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It is a 5/16 hole. After the center hole is bored and it is split, the top piece gets drilled out for clearance and the lower piece get threaded 3/8-16.

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I spent the entire day on the fixture to mill a radius in the little tubes that connect to the blocks. The first step was to mill a shallow V groove on the center line of 20" hole.

 

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Then I located the center of the big hole and drilled it to make room for the boring bar. I find these reduced shank drill quite useful because they allow me to hold them with a collet. This machine has a limited amount of space between the face of the vertical head and the table so anything that takes up less space is welcome.

 

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Then I used the boring bar to enlarge the hole. This boring head works a charm. It's the 4th one I bought... making the mistake of buying a cheap import first. In the end, it was well worth getting a really good one because the critical aspect of boring is that everything is extremely rigid. Also, it is adjustable in increments of .001 which makes getting a really precise hole that much easier.

 

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I hit it dead on, then enlarged it .004 so that my test piece would slip in.

 

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I then cut the piece in two on the center line of the big hole.

 

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Because the holes for the socket head screws were drilled at the same time, they align perfectly. I faced off both sides - strictly for cosmetic reasons - then drilled the top piece 3/8" and counterbored for the heads of the cap screws. The lower piece was threaded 3/8-16. The last step was drilling and tapping a hole to align the flange.

 

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Here's the finished product. It is used on its side and the big hole is off center to allow space for the cutter to go all the way through the piece. It was 4:58 when I finished and I had other things to do before coming home so I'll tackle actually milling the pieces tomorrow.

 

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Edited by JV Puleo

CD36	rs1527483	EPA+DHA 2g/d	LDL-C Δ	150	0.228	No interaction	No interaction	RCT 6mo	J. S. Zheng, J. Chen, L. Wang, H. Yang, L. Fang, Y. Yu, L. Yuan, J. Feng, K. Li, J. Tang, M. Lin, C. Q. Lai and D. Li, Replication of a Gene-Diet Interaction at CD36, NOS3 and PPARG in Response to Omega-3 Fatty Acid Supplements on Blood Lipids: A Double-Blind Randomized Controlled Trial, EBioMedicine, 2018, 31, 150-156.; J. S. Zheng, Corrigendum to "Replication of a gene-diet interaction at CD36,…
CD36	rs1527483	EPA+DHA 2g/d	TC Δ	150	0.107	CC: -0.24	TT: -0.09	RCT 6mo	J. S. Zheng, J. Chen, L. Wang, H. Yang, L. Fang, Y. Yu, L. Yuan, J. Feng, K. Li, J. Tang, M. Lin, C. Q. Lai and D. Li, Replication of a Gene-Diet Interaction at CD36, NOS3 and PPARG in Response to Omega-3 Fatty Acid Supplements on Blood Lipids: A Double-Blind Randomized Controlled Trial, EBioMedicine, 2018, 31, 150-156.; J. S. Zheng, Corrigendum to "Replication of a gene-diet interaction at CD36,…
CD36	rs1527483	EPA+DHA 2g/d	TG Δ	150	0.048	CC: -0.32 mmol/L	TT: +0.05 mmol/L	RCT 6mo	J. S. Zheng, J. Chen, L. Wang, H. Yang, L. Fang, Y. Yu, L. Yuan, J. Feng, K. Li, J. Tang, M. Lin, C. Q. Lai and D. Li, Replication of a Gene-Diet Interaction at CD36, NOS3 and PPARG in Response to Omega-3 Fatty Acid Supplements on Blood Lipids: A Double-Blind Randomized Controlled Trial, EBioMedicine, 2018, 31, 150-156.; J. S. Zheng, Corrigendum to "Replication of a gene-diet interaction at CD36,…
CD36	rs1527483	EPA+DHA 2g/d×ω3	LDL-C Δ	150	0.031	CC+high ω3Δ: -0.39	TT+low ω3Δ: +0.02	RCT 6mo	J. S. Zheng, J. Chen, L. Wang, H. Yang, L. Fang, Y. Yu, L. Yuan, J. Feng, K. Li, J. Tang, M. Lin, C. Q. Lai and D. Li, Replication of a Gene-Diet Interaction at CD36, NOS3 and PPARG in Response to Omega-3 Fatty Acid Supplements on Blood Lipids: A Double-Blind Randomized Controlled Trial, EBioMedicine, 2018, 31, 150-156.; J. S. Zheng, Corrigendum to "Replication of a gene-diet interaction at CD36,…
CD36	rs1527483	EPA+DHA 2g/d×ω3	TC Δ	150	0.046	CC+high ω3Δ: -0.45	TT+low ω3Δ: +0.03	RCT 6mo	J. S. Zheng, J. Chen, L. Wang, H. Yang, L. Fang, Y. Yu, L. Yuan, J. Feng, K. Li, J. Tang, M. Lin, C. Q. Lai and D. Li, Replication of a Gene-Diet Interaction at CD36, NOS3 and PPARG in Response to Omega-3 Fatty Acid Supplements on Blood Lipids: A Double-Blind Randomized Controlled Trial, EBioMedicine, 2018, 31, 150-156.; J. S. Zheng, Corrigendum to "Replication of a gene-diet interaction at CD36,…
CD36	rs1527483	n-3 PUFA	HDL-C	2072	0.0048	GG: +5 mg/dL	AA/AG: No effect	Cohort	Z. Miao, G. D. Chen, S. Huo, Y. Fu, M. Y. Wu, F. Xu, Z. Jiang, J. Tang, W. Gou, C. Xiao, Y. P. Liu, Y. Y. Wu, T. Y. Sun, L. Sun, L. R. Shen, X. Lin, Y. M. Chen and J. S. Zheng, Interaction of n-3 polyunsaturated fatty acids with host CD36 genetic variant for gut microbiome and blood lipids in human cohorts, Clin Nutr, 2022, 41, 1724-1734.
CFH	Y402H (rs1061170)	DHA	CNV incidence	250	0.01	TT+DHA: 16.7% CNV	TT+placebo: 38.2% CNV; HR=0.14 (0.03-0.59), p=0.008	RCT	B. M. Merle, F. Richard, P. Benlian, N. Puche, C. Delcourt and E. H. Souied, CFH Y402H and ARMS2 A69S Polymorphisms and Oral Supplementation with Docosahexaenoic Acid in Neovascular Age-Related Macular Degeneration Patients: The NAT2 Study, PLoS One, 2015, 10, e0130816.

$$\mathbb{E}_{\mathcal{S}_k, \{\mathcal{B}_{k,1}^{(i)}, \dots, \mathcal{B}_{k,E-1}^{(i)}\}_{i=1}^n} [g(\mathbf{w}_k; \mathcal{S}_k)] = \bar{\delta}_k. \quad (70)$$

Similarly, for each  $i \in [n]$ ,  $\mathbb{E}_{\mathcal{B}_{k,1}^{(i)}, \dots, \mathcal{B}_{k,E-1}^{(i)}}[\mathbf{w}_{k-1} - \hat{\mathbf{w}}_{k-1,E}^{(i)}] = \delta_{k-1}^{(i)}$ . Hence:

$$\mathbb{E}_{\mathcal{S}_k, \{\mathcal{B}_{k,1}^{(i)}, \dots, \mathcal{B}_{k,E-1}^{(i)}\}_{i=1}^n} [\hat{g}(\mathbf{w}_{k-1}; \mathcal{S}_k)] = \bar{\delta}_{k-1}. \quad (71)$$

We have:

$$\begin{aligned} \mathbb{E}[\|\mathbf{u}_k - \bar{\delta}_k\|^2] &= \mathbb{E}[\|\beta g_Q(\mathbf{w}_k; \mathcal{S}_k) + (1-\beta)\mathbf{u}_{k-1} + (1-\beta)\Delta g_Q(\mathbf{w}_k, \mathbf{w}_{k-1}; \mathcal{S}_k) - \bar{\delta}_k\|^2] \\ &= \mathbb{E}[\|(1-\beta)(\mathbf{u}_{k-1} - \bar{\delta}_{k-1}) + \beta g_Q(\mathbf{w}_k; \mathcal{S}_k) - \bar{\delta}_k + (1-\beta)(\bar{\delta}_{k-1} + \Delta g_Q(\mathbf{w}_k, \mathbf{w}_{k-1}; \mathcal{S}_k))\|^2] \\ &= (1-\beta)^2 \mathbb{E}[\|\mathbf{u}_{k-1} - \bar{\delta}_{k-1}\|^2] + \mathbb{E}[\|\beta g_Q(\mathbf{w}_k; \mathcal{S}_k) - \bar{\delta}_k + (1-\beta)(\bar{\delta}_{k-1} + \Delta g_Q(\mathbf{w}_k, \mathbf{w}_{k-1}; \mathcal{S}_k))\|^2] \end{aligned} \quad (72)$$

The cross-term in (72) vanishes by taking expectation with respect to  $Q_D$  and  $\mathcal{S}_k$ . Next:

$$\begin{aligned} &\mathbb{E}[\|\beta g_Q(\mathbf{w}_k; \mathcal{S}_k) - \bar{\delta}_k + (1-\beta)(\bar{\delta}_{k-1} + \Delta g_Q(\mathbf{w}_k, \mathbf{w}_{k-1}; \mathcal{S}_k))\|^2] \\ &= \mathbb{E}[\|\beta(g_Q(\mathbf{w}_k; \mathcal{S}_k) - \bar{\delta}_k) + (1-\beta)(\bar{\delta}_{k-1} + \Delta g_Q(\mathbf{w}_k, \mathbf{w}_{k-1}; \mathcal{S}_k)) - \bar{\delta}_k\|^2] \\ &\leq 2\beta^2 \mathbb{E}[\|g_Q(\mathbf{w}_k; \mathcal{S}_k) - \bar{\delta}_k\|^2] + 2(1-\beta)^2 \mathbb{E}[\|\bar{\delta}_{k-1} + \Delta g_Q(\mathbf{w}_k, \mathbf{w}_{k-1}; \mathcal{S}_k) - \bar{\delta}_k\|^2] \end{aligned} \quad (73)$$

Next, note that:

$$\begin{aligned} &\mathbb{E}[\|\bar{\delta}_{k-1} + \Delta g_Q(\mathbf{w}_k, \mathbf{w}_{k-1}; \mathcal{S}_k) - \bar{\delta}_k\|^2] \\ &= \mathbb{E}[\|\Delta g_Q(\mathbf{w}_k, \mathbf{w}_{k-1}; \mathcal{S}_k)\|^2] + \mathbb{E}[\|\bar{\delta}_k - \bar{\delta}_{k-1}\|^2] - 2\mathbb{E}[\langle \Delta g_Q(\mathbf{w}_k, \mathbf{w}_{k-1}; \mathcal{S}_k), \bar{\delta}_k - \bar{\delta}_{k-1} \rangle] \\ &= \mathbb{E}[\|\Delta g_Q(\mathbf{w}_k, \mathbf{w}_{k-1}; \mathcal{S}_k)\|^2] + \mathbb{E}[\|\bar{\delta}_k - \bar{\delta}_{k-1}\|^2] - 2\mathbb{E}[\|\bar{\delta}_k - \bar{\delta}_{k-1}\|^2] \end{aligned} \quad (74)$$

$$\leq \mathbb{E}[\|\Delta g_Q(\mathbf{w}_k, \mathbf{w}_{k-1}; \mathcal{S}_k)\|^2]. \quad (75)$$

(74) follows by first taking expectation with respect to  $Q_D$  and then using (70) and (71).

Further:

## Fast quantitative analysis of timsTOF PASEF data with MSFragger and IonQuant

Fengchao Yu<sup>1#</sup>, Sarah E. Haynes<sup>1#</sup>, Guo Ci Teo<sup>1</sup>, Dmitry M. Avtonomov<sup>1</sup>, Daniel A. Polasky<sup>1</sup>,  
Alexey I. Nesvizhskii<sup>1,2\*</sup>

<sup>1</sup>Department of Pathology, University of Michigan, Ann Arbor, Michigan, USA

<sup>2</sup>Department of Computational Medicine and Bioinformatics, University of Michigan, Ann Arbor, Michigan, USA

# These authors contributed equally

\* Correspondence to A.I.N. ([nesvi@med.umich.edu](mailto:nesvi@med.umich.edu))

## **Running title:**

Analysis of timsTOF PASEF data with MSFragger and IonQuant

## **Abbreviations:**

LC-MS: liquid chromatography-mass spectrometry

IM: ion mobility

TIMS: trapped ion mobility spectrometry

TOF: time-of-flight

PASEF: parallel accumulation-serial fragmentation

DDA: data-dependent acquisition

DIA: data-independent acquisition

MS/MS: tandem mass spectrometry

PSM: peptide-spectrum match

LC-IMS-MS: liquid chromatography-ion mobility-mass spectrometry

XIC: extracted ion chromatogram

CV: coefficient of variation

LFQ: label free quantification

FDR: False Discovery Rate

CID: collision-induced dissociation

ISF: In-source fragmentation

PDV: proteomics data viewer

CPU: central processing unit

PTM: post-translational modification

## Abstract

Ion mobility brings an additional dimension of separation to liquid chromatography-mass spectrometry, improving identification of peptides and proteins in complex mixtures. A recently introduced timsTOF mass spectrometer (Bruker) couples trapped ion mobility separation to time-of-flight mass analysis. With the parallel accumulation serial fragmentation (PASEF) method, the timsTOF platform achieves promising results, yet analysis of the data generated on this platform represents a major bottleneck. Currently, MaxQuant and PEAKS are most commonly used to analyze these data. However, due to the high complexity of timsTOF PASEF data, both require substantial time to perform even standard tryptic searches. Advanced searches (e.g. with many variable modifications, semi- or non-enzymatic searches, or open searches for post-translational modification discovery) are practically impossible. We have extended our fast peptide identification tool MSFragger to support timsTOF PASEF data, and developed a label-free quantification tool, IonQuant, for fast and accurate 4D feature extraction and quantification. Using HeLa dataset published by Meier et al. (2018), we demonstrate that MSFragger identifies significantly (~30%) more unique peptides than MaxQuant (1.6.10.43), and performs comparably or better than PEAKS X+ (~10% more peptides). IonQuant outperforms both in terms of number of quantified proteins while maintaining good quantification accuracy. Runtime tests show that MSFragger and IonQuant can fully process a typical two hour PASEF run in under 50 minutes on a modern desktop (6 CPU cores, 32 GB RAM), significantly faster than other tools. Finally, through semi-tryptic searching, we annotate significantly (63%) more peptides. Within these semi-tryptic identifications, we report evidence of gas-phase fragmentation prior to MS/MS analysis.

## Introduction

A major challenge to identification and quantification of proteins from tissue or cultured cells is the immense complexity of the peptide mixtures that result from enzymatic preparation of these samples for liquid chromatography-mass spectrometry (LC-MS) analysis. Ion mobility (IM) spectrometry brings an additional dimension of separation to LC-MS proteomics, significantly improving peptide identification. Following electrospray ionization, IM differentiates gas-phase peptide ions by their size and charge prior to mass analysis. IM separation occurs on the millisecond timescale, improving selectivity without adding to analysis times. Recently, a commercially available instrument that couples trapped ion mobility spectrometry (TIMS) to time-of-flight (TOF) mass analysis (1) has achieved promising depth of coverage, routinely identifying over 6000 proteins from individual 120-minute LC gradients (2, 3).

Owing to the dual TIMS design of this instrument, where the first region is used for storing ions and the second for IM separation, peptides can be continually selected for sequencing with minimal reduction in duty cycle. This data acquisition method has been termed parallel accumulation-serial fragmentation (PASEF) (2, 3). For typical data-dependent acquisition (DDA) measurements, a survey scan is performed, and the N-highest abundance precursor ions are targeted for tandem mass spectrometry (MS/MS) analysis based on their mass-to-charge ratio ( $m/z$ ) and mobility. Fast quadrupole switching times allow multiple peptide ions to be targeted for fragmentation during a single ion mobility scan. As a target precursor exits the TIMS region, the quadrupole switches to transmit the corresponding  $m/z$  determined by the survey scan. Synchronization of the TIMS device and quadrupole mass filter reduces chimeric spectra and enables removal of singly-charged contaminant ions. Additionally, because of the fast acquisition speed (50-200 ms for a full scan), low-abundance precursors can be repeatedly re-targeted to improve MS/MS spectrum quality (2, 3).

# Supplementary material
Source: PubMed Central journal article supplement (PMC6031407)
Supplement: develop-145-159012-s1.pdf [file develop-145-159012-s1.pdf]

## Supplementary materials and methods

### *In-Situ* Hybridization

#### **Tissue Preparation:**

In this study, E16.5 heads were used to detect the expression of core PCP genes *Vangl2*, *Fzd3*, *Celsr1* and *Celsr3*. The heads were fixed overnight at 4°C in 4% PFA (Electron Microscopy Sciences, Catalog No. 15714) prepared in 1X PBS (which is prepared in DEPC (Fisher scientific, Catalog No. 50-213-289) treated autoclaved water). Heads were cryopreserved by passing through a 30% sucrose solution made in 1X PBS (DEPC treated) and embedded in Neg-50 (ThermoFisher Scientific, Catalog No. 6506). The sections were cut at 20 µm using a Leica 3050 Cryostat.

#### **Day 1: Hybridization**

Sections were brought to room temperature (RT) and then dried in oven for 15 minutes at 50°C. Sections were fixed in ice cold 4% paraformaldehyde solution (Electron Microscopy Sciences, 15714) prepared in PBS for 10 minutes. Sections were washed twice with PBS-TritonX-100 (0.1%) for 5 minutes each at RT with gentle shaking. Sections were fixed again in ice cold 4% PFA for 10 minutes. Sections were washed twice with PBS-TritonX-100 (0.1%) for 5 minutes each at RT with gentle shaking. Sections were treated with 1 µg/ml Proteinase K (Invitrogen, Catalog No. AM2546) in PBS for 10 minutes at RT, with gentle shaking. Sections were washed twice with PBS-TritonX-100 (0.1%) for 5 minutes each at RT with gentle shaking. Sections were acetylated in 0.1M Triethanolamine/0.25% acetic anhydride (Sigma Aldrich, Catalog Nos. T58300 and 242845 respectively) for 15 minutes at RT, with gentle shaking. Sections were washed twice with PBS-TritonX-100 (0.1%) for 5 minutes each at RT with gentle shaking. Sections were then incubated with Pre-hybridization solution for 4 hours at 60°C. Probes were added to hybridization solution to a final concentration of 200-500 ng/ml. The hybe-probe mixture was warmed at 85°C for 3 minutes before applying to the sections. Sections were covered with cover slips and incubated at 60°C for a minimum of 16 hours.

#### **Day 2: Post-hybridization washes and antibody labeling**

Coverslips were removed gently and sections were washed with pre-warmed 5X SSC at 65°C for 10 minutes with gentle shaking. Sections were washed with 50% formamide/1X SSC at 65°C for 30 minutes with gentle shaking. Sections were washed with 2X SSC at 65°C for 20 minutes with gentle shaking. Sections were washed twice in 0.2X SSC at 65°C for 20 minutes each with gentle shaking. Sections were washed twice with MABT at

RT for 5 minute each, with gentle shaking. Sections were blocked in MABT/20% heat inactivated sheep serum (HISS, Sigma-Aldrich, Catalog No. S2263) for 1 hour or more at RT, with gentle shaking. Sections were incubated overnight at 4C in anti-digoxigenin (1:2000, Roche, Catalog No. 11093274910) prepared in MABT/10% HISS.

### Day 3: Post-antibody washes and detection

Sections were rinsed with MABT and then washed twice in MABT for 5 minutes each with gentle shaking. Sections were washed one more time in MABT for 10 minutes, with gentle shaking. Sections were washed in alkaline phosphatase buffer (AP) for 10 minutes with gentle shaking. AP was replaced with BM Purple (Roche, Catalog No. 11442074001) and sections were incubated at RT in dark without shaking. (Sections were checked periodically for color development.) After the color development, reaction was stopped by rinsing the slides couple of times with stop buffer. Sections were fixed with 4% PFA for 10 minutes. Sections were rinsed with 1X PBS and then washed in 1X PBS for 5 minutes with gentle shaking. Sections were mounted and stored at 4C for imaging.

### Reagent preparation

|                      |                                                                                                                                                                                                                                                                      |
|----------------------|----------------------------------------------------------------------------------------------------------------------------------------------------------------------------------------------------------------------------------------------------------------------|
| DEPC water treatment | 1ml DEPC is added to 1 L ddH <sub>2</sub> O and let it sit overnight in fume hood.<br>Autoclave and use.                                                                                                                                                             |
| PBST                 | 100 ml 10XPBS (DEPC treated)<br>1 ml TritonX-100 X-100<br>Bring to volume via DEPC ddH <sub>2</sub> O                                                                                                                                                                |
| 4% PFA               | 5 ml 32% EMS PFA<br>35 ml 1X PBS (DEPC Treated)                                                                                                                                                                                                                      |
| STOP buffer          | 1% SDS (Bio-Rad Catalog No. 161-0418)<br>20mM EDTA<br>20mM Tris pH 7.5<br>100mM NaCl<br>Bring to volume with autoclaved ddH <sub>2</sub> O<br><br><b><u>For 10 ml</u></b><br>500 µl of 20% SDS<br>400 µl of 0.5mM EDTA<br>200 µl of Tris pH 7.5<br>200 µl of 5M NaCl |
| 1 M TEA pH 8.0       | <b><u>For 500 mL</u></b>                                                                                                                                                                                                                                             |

typo (see edit history)

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This morning I set the fixture up in the mill. The extra stuff you see around the fixture allows me to take it out and put it back in exactly the same place.

 

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Because I have so much work in these, I thought it prudent to experiment with an extra piece of 2" tubing.

 

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It worked perfectly...

 

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fitting the OD of the 2-7/8" pipe.

 

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So, I went ahead and finished the two parts. Here they are bolted up to the blocks.

 

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Unfortunately, I also discovered I'd made a major miscalculation regarding the elbow at the back of the manifold. It looks as if I can't use the part I finished last week... I'll have to rethink this but I do have an alternative idea. The good part is that the alternative will be easier to make and I can reuse the big nut I made so it wasn't a total waste. This happens with jobs like this. Thankfully, not very often but it is part-and-parcel of this type of work. My only regret is the money I spent on welding but at least I found a competant welder and that's worth something to me.

Edited by JV Puleo
incorrect fraction (see edit history)

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Wow that looks great!!

 

Too bad about the part, but yeah, you're right, finding a competent welder is worth more than what you paid him.

 

BTW, I LOVE that Starrett hacksaw.   

 

Edited by Luv2Wrench (see edit history)